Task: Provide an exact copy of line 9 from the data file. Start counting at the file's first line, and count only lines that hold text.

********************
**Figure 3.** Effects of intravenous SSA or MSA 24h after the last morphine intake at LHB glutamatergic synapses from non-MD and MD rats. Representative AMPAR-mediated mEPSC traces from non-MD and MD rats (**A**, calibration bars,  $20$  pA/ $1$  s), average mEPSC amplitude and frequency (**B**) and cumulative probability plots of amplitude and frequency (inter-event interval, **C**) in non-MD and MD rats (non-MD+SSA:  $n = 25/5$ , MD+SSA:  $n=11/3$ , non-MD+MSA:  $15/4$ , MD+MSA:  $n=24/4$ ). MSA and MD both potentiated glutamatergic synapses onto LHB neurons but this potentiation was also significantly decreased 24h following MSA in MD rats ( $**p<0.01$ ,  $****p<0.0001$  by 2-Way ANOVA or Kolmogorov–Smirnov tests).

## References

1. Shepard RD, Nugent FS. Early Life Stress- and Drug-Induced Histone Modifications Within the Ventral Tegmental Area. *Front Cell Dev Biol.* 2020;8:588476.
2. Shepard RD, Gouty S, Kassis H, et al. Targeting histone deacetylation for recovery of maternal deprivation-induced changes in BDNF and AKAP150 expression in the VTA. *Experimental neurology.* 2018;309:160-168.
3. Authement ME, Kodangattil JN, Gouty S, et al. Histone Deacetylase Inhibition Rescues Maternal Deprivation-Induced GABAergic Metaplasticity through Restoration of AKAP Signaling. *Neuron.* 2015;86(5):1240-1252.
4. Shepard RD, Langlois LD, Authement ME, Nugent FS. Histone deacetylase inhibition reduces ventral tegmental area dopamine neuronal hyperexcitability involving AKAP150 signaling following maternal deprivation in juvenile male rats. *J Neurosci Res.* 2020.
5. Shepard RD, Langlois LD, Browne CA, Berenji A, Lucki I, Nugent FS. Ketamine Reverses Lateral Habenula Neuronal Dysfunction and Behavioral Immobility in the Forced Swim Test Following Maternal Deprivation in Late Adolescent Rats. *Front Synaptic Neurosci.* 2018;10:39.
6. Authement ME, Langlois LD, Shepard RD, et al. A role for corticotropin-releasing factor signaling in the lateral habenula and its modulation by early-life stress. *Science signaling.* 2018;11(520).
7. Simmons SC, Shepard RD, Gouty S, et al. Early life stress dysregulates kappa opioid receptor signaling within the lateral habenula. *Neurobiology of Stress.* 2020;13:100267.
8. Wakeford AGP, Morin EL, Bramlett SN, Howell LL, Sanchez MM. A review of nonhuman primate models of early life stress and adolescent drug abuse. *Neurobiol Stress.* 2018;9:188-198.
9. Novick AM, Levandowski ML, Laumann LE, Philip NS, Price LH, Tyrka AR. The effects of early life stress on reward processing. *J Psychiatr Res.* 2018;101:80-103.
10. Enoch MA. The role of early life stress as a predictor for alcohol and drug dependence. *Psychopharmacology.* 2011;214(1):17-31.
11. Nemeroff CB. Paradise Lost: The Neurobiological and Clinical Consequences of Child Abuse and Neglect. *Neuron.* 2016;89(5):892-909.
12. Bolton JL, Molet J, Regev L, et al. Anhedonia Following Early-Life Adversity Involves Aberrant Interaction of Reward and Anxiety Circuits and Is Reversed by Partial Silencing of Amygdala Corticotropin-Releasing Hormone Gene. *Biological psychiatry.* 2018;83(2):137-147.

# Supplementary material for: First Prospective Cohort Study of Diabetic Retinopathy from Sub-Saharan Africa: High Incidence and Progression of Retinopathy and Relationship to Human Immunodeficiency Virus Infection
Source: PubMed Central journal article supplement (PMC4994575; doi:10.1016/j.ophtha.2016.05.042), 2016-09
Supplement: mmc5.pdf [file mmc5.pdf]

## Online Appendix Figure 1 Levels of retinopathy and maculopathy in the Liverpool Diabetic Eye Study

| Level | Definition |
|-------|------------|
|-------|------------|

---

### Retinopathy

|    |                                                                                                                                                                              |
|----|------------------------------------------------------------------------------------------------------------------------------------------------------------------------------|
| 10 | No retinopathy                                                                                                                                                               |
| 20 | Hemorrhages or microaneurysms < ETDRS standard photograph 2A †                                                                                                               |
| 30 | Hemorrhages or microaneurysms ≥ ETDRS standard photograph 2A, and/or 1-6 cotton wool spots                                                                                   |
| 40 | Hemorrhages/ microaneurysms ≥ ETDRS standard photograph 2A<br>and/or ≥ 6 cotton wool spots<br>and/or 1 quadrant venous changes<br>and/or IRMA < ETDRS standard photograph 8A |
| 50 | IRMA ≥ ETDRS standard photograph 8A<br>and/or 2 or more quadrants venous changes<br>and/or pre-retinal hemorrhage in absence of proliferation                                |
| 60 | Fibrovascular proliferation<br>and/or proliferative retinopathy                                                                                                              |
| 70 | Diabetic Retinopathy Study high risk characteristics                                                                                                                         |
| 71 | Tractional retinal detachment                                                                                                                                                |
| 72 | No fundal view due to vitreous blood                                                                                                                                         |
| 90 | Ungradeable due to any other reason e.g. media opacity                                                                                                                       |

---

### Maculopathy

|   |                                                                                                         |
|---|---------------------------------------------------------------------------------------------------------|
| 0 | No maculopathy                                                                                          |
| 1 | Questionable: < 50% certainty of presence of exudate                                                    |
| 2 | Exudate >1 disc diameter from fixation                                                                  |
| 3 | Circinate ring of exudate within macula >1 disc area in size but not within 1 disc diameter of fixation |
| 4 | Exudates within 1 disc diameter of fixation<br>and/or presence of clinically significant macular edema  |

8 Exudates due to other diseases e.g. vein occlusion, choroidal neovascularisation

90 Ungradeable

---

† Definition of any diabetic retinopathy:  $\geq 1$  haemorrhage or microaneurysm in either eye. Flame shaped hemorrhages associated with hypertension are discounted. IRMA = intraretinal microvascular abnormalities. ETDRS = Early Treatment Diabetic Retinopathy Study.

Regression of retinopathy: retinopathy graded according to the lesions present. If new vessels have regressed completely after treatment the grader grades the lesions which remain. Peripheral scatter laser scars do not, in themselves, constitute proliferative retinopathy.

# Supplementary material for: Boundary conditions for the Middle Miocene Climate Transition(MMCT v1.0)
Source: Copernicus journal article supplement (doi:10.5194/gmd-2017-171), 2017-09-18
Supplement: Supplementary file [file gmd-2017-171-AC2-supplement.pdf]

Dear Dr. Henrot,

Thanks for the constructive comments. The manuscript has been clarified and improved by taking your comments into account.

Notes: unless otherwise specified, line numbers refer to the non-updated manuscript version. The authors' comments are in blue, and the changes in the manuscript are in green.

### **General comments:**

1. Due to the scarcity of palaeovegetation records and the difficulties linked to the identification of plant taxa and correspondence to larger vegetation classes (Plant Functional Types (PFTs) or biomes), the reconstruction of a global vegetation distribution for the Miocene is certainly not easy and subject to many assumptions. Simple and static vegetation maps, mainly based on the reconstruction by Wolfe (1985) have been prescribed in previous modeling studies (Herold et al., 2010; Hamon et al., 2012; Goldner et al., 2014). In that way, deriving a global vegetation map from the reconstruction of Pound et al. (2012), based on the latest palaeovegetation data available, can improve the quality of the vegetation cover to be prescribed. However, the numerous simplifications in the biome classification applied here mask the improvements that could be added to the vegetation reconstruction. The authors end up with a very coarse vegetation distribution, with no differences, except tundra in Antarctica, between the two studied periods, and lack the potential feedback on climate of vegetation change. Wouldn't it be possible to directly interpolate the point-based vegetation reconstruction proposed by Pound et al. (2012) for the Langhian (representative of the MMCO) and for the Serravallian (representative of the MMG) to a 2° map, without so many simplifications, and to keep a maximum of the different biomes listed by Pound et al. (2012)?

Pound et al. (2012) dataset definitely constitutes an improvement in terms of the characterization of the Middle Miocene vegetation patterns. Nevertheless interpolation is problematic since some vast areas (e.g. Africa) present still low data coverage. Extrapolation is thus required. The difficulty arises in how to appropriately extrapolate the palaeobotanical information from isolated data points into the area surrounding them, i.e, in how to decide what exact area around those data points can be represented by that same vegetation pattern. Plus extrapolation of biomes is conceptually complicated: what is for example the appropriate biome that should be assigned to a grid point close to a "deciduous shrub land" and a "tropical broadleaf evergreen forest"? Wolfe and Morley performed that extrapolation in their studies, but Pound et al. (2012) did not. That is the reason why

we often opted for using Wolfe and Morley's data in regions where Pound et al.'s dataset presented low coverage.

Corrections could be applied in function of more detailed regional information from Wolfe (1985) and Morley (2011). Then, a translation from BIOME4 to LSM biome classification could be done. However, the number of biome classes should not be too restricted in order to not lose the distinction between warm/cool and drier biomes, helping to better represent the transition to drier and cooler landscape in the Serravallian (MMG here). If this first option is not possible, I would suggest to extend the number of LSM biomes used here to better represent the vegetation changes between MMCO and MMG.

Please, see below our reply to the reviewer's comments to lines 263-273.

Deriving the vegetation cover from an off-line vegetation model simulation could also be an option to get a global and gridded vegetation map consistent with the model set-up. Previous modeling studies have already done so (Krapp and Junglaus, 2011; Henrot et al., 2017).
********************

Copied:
7. Simmons SC, Shepard RD, Gouty S, et al. Early life stress dysregulates kappa opioid receptor signaling within the lateral habenula. *Neurobiology of Stress.* 2020;13:100267.